Setting your story free
I am typing this Day 2 post (of my writing journey) in the middle of April 2019. Does that mean I stopped writing last April? No. I still wrote but what I wrote underwent many revisions. First, the more I wrote, the more I learned how to write. This learning curve continues to this day. But there were also other events that influenced my writing. Sometime during May 2018, I had a health scare that jolted me into looking at my life more closely. What was I doing? Was I happy? What emotional baggage was I carrying and wasn’t it past time to put it down? Obviously, this kind of soul-searching had an effect on my writing. For a short time, it made it heavy and serious. If you’d read the story then, it would’ve made you feel very grim. Life is beautiful but it’s hard, you would’ve said, shaking your head sadly. It teaches us lesson after lesson, you would’ve concluded, feeling depressed.
I’m glad you didn’t read the book then.
Reading is a way of learning and acts as a gateway to every kind of emotion and adventure. Books chronicle the spectrum of human experience. Of course, it isn’t always light or fun. But I wanted to write a book that would share the joy that comes with reading a good story. One where you became the heroine and all these things happened to you and it was only when you closed the book that you realized that it was a story. One that made you wonder if all that we can see, feel, and touch is all there is. I wanted to write that kind of book. (Ha. We’ll see if I can.) So, I’m glad you didn’t read that earlier, more serious version of my writing. Because the heaviness corrected itself. I’ll tell you how that happened. First, and this is going to sound awful, but here it is- while I was going in for tests for this health issue, I felt like I was in a space where, temporarily, I didn’t need to worry about anyone else. As if I was now in a protected zone, allowed to focus only on myself. (Who knew that I needed permission to focus on myself? If anyone else had told me this, I would’ve been horrified that they felt that way.) The other realization was that I could let go of all the daily schedules, routines, appointments, etc. and people, things would be okay, eventually. It wasn’t always my job to hold everything together. I was dispensable. There is a poem by poet and author Robert Bly that I have only recently discovered though I wish I had found it years ago. It’s called Things To Think and while the entire poem is beautiful, it’s the last the two lines that always make me cry. (Please Google it. You’ll fall in love with it.)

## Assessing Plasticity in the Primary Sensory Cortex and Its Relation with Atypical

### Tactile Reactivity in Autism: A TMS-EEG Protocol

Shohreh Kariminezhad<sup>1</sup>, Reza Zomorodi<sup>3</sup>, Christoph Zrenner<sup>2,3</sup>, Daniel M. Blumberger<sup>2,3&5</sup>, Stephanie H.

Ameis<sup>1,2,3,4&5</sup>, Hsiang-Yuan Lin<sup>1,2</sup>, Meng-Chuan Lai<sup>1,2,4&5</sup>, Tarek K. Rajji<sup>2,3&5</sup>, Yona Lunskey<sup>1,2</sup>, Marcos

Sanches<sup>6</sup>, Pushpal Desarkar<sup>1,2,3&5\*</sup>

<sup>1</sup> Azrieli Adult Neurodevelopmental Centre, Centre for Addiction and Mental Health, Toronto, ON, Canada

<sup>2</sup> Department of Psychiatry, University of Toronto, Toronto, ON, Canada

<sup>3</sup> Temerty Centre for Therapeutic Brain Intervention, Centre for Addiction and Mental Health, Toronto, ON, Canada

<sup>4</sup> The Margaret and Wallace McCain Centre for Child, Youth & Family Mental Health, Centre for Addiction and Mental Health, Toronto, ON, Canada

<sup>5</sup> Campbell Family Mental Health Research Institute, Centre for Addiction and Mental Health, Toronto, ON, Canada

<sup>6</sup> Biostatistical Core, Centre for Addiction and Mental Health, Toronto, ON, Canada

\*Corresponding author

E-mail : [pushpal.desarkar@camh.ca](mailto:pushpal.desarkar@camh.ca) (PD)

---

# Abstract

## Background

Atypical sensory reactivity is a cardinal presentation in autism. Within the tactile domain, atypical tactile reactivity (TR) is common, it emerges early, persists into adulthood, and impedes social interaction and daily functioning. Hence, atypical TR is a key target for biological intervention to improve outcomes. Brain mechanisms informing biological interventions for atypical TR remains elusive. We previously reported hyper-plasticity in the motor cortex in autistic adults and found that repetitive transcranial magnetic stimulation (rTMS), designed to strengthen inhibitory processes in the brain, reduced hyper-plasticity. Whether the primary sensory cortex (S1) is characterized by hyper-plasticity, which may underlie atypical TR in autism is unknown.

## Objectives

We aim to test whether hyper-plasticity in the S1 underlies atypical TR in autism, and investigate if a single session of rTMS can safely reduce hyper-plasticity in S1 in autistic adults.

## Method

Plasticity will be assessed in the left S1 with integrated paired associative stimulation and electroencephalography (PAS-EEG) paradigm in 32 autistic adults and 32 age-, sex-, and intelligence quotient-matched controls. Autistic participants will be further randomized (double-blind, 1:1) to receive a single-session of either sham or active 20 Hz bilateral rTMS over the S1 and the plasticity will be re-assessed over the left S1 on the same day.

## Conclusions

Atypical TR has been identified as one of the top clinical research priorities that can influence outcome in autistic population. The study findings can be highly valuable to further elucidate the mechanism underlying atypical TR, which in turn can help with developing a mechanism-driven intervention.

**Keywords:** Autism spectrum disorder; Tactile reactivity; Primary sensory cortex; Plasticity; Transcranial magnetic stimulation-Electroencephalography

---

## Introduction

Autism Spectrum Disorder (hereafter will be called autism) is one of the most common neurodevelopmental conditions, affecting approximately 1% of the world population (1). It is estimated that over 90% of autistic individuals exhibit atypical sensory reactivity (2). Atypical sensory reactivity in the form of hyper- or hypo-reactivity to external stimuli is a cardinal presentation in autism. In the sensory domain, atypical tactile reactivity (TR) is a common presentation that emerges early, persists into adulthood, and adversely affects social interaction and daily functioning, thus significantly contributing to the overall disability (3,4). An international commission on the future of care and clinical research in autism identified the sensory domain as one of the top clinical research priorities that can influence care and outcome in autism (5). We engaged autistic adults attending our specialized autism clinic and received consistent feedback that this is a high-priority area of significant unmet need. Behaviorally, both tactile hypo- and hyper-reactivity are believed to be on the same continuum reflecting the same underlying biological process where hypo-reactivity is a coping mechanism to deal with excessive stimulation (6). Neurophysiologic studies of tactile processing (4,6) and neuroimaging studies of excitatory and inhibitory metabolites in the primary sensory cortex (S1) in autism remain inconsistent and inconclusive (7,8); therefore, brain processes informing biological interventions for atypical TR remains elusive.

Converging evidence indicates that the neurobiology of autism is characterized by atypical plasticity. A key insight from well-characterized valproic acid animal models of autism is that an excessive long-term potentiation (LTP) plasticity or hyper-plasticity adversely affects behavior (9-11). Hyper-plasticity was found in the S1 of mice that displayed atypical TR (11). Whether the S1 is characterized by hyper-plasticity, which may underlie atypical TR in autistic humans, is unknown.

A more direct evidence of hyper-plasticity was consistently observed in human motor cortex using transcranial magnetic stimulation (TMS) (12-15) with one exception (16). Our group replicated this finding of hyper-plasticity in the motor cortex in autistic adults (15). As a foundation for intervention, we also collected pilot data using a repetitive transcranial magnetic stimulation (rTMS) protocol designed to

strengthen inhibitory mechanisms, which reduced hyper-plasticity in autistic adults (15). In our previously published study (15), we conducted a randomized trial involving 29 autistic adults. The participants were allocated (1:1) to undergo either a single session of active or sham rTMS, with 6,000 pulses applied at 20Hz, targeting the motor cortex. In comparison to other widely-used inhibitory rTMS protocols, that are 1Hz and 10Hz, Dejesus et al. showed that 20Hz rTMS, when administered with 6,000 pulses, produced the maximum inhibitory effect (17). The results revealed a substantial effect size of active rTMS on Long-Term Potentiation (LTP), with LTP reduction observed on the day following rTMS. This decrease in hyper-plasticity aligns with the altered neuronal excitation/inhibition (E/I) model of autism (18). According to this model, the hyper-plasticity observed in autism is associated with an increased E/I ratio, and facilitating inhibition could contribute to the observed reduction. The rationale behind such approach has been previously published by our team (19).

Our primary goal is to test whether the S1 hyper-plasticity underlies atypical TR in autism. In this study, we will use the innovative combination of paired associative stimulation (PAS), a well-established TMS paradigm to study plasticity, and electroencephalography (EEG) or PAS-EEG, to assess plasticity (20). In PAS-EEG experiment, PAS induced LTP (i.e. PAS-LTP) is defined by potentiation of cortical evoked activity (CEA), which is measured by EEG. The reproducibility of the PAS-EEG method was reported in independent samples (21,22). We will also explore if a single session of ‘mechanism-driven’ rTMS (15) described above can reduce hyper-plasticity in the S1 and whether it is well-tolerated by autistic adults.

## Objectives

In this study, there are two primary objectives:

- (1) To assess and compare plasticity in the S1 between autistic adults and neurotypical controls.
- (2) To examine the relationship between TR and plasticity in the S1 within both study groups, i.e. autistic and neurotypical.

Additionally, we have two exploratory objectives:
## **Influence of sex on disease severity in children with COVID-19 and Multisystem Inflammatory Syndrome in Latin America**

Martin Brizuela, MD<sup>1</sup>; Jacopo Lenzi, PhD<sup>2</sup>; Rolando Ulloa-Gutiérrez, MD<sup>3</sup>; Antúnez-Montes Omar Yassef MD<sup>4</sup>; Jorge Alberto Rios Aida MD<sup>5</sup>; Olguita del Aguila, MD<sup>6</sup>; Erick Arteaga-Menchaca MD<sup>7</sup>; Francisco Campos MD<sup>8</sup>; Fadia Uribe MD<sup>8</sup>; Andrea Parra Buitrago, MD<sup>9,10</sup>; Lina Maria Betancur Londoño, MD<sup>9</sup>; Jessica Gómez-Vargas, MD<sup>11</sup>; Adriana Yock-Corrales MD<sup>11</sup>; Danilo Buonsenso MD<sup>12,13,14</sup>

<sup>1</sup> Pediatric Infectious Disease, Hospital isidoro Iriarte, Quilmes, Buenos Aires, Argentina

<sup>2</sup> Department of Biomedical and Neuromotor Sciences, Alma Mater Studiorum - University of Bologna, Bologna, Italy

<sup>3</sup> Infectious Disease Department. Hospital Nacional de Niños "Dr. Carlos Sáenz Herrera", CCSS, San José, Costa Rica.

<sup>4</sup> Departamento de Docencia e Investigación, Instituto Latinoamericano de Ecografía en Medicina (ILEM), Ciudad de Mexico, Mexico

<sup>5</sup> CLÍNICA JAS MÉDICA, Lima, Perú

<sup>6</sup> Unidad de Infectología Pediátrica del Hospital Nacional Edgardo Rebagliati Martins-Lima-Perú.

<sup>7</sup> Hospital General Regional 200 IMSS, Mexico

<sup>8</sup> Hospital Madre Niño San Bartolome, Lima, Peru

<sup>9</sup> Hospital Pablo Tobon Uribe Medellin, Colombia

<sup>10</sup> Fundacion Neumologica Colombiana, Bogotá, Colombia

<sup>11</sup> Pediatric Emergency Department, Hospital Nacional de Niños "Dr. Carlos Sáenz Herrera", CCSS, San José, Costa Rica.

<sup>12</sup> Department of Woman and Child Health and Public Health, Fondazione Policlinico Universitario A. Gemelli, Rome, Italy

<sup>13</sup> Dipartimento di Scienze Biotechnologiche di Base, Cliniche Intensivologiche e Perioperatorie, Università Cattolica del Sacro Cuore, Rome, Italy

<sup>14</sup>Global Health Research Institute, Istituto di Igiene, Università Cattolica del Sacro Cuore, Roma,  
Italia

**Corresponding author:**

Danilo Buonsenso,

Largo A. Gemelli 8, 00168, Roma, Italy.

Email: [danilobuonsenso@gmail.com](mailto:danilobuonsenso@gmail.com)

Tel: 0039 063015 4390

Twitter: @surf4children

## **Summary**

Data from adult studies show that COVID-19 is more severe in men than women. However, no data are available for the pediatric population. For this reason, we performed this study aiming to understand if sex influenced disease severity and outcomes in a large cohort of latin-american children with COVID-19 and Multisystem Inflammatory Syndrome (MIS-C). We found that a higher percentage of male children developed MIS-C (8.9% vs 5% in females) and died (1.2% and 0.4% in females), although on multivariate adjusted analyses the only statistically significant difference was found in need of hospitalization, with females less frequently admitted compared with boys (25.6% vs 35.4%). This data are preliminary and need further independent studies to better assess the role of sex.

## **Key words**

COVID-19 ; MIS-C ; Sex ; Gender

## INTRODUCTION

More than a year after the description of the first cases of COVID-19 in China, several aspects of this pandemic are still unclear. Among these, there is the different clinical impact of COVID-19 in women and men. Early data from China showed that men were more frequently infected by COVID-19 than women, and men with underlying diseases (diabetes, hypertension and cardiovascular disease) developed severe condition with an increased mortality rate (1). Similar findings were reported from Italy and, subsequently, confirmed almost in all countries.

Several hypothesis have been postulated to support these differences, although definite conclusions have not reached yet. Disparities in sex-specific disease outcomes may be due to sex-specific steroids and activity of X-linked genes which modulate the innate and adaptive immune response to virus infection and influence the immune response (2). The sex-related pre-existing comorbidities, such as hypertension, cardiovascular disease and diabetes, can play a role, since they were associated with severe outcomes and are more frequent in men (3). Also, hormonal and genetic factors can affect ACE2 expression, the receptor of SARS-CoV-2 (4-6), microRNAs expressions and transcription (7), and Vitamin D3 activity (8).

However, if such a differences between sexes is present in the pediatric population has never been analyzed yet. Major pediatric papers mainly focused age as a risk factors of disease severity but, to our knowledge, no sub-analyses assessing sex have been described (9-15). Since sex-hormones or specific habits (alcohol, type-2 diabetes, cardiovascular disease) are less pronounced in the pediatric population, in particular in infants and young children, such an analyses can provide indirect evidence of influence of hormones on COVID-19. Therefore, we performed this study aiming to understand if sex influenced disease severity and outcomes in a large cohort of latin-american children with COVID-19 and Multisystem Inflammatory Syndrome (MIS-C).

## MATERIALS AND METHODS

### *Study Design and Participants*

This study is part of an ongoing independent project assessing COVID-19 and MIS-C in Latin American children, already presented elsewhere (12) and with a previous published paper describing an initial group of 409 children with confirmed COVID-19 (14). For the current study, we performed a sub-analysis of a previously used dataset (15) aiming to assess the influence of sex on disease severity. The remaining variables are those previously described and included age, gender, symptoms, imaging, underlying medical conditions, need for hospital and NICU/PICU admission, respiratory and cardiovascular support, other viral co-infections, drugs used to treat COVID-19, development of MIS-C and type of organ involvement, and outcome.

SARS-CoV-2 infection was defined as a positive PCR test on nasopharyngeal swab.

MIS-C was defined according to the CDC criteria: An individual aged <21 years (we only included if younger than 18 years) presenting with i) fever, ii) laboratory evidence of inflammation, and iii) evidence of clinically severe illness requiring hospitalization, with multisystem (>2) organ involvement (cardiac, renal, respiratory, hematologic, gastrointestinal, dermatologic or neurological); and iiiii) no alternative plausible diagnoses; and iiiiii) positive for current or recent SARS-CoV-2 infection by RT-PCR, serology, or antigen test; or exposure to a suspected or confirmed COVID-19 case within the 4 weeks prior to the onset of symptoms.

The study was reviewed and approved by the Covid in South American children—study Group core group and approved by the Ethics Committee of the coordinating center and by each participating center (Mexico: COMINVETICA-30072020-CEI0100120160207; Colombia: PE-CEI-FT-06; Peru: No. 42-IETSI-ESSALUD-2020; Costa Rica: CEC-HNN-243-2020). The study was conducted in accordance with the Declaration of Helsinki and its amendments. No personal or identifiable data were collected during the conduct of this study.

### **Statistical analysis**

These two seemingly different feelings- I’m as important as anyone else but I’m not that important either- set me free. Even before my results came in, I started feeling liberated from the obligation of being somewhere, doing something all the time. From the obligation to be perfect all the time. Liberated from my own heavy expectations, and that of others. Feeling the elusive feeling of detachment from the outcome. Whatever the diagnosis, I would be ok. (No matter how detached I prided myself on being, I know this part was easier to deal with only because my kids are older.) The results were benign but the issue itself had done something for me. I stopped taking myself so seriously. I stopped taking the writing so seriously. Don’t get me wrong, I was still very committed to writing but I didn’t weigh the words down with my expectation. I wanted to tell the story for the joy of it. The story itself was set free, liberated as if it now had permission to be itself and not just a vehicle for personal angst. It grew in size, becoming more complex. The characters took on lives, and peculiarities, of their own. And that’s when the journey began in earnest… I’ll have Day 3 of this writer’s journey up soon.
In parallel news, the book club discussed our first dystopian novel in May: Red Clocks by Leni Zumas.
Text and Photography © Bookended.org